Art Basel 2016 Market News

Ka-Ching! Sol Calero Erects a Venezuelan Currency Exchange Booth in Basel’s Statements Section

Sol Calero, Casa de Cambio at the Laura Bartlett Gallery booth at Art Basel: Statements. COURTESY ARTNEWS

Sol Calero, Casa de Cambio at the Laura Bartlett Gallery booth at Art Basel.


If you think Art Basel needs more places where you can sit in a palm tree-laden lobby and watch telenovelas, you should make your way to the fair’s Statements sector. There, the booth of London-based Laura Bartlett Gallery has been transformed completely into a lobby of a South American money exchange booth, complete with bright-colored flora, checkered tile floor, neon-teal walls, and a rickety stand with hand-painted signs advertising tarjetas prepagadas.

And the telenovela looked fairly legit, both in terms of its cheap lighting aesthetic and thematic development. The man on screen was apparently going through a contentious divorce, and was tearing his hair out while trashing a living room, screaming (according to the subtitles), “I’m going to lose everything! My cars!”

The telenovela. COURTESY ARTNEWS

The telenovela.


The telenovela is actually a video work written and directed by the Venezuelan artist Sol Calero, who turned the Bartlett booth into a work called Casa de Cambio, which resembles a currency exchange station in order to protest the vast manipulations of her country’s currency structure, in which vast corruption has resulted in wild, uncontrollable inflation. The conceit is this: on the first day, a gallery representative would be selling editions of a Calero work from behind the stand—the work is a stack of paper the size of cash Bolivars, the Venezuelan currency—that on the first day would cost one Swiss Franc, but would increase in price as the fair went on. By the time I got there on Wednesday, the price was up to 10 CH.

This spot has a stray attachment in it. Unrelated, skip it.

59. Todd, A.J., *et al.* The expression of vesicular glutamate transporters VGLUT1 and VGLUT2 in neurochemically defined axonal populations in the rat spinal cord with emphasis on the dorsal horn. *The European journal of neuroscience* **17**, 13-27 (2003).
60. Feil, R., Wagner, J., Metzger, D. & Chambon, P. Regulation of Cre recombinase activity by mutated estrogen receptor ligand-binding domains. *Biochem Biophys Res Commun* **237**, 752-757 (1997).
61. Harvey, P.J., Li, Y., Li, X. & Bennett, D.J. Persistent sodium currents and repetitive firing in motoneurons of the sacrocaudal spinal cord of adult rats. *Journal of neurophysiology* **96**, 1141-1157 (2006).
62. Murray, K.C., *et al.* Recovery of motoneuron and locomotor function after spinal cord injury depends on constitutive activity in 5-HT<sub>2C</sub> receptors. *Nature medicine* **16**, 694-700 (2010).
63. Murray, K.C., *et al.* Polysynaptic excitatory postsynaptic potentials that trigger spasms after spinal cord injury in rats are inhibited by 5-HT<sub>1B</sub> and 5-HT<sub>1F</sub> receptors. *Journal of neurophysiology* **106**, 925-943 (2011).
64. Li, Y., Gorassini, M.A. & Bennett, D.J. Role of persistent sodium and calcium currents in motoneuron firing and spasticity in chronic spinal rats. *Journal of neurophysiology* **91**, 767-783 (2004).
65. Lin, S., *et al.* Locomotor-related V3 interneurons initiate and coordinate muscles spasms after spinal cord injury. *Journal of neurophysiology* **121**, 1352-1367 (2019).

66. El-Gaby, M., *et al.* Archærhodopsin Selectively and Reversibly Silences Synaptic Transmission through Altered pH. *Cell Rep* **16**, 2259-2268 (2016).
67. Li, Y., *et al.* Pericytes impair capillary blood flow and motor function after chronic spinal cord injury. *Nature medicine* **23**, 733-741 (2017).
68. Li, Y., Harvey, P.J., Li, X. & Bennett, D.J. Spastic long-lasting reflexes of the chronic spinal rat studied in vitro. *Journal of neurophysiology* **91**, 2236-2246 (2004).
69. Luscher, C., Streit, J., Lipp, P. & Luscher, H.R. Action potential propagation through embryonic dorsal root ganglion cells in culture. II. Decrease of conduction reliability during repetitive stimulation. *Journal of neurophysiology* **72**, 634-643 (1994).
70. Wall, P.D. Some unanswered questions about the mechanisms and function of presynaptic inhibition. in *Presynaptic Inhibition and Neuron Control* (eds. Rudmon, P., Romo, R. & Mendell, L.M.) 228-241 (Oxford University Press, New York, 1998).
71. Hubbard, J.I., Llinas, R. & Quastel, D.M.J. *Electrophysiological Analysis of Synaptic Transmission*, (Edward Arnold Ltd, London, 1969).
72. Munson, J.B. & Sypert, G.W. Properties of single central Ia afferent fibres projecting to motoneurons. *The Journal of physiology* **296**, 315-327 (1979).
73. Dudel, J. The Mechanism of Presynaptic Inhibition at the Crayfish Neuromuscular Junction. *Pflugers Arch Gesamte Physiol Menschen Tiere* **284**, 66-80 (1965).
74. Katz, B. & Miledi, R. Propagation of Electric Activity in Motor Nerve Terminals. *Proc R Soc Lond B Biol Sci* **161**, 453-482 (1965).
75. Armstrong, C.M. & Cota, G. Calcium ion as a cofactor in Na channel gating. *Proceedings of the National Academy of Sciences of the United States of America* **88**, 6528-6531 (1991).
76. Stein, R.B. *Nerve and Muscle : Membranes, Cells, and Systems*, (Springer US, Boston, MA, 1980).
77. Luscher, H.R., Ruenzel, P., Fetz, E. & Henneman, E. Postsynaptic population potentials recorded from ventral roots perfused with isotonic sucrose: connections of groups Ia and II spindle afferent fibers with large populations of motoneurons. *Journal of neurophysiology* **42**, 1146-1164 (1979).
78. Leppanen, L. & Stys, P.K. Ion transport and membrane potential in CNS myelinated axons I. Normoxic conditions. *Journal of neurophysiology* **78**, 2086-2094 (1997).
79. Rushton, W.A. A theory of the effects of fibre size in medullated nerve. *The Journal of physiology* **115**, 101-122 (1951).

That’s just part of an eye-catching installation that consists of ceramic works in glass cases, paintings on the wall, and the palm tree structures behind the currency exchange booth. There’s also another TV showing five video works by young Venezuelan artists, all commissioned by Calero.

(And while it might be an incisive commentary on currency value, Venezuela’s out-of-control inflation, and the exchange rate for goods and services, this is an art fair, and the booth as a single work is on sale for €150,000—or $167,000, if the current exchange rate stands.)

After waiting in line for some time to speak with the woman behind the counter, she informed me of the current 10 CH price for the edition, and when I reached into my pocket, I realized that I only had 5 CH.

“Oh, that’s OK, I’ll give it to you for five,” she said. “The black market is real.”

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